Peppered moth: A species of moth (Biston betularia) found in England that has light and dark phenotypes. During the Industrial Revolution, when soot blackened the trees, the frequency of the previously rare dark phenotype dramatically increased, as lighter-colored moths were easier for birds to spot against the sooty trees. After environmental regulations eliminated the soot, the lighter-colored phenotype gradually became most common again.
Phenotype: The observable traits that are produced by a genotype.
Phylogenetic tree of life: A family tree of all living organisms, based on genetic relationships.
Phylogenies: Genetically determined family lineages.
Plasmodium: A genus of mosquito-borne parasite. Several Plasmodium species cause malaria when introduced to the human bloodstream via a mosquito bite.
Plexiform neurofibromas: Neurofibromas that involve whole branches of nerves, often giving the appearance that the surface of the skin is “melting.”
Point mutation: A single-letter (single-nucleotide) change in the genetic code, resulting in the substitution of one nucleic acid base for a different one.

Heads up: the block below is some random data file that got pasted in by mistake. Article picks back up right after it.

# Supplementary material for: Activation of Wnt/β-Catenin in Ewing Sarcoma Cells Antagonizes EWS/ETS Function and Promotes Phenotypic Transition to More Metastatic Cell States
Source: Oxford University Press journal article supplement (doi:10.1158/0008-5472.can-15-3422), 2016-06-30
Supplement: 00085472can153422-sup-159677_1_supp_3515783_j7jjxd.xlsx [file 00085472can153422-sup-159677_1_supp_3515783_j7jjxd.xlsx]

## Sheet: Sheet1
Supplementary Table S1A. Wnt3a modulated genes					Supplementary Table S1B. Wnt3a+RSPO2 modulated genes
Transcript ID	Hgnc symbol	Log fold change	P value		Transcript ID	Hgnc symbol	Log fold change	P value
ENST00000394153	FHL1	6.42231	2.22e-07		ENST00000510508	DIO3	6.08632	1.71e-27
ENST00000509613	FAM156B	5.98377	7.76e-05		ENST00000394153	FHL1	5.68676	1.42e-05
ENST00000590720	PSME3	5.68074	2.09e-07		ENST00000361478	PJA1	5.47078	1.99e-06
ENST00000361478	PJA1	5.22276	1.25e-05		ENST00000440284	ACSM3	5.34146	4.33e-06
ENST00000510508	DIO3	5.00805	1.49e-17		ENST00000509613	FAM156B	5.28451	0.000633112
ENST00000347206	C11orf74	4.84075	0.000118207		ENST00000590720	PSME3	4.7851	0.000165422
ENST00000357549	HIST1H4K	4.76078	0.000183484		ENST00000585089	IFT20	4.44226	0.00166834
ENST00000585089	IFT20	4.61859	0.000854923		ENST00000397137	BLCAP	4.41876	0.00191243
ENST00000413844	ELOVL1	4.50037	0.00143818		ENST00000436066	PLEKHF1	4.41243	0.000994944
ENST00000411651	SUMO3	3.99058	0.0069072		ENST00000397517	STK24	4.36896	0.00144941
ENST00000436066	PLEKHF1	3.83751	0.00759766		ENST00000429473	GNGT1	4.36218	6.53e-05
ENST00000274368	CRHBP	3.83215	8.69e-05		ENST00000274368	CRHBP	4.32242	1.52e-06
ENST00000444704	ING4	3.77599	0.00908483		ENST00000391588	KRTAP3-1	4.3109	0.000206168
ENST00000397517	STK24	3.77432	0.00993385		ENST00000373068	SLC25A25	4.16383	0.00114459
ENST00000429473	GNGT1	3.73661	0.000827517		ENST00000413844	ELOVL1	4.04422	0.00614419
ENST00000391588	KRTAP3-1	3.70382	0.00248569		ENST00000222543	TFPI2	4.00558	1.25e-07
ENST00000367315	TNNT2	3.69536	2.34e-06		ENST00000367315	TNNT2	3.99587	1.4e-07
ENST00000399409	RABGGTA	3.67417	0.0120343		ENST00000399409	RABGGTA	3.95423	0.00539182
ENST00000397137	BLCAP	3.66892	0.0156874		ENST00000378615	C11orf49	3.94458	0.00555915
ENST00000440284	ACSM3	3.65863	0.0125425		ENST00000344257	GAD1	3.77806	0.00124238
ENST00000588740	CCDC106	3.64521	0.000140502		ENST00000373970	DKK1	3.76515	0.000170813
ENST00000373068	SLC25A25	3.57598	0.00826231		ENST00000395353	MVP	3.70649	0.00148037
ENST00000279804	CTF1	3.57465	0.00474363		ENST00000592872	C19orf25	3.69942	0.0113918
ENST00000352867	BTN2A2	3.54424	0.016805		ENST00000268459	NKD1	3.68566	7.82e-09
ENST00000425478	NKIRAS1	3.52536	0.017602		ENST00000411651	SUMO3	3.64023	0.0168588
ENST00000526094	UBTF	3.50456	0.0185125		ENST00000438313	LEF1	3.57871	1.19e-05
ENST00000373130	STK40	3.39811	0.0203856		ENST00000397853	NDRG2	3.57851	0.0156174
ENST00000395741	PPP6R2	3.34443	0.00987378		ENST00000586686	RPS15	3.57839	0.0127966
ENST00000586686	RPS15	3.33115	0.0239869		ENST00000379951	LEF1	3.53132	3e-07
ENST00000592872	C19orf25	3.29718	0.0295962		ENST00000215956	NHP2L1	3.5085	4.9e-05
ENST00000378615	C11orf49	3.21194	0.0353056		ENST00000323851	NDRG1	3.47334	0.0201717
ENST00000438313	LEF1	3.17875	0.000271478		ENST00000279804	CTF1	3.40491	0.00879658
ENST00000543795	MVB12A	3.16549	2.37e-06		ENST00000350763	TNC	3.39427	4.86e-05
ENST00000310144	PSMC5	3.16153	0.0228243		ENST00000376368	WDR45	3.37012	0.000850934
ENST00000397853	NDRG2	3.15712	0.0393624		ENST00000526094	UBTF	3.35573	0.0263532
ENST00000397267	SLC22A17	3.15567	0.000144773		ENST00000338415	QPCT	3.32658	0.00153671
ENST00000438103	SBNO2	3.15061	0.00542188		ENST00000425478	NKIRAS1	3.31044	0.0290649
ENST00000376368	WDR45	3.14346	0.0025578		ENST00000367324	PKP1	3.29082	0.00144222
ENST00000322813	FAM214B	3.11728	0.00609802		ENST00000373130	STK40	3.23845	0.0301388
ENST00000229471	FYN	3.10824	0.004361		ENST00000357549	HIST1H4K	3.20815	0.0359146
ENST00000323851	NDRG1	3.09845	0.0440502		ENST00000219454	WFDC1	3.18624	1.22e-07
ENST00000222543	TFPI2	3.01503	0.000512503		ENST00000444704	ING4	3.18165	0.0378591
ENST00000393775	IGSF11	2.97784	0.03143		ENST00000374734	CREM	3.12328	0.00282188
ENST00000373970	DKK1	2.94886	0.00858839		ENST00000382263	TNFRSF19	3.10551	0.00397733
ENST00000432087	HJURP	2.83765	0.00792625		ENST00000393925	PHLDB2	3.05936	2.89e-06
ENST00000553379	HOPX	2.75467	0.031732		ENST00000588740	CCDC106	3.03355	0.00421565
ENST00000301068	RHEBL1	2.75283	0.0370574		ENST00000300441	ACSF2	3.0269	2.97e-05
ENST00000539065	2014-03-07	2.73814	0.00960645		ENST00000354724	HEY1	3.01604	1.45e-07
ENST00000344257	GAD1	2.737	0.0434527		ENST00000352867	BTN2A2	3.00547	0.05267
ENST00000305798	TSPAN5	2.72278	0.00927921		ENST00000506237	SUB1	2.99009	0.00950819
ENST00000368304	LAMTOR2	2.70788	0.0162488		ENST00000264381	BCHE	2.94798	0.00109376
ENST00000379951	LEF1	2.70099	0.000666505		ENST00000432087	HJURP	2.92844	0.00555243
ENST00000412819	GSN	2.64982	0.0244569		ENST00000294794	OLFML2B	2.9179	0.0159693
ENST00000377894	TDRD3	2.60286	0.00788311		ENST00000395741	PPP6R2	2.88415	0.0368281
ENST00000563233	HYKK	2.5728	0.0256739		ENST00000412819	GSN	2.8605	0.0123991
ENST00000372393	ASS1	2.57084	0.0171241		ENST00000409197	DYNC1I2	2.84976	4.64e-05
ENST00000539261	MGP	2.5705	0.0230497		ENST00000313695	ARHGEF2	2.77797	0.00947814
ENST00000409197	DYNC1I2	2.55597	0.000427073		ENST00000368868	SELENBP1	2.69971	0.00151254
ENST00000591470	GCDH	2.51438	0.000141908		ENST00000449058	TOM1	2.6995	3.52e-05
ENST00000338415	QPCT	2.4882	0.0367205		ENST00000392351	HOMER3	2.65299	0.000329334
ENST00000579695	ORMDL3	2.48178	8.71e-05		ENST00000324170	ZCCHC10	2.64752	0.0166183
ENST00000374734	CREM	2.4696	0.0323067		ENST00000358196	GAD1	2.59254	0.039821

Polymorphisms: Multiple forms of a trait; alternative phenotypes within a given species.
Population: A group of individuals who are genetically similar enough and geographically near enough to one another that they can breed and produce new generations of individuals.
Population bottleneck: A type of genetic drift that occurs when the number of individuals in a population drops dramatically due to some random event.
Positive assortative mating: A pattern that results from a tendency for individuals to mate with others who share similar phenotypes.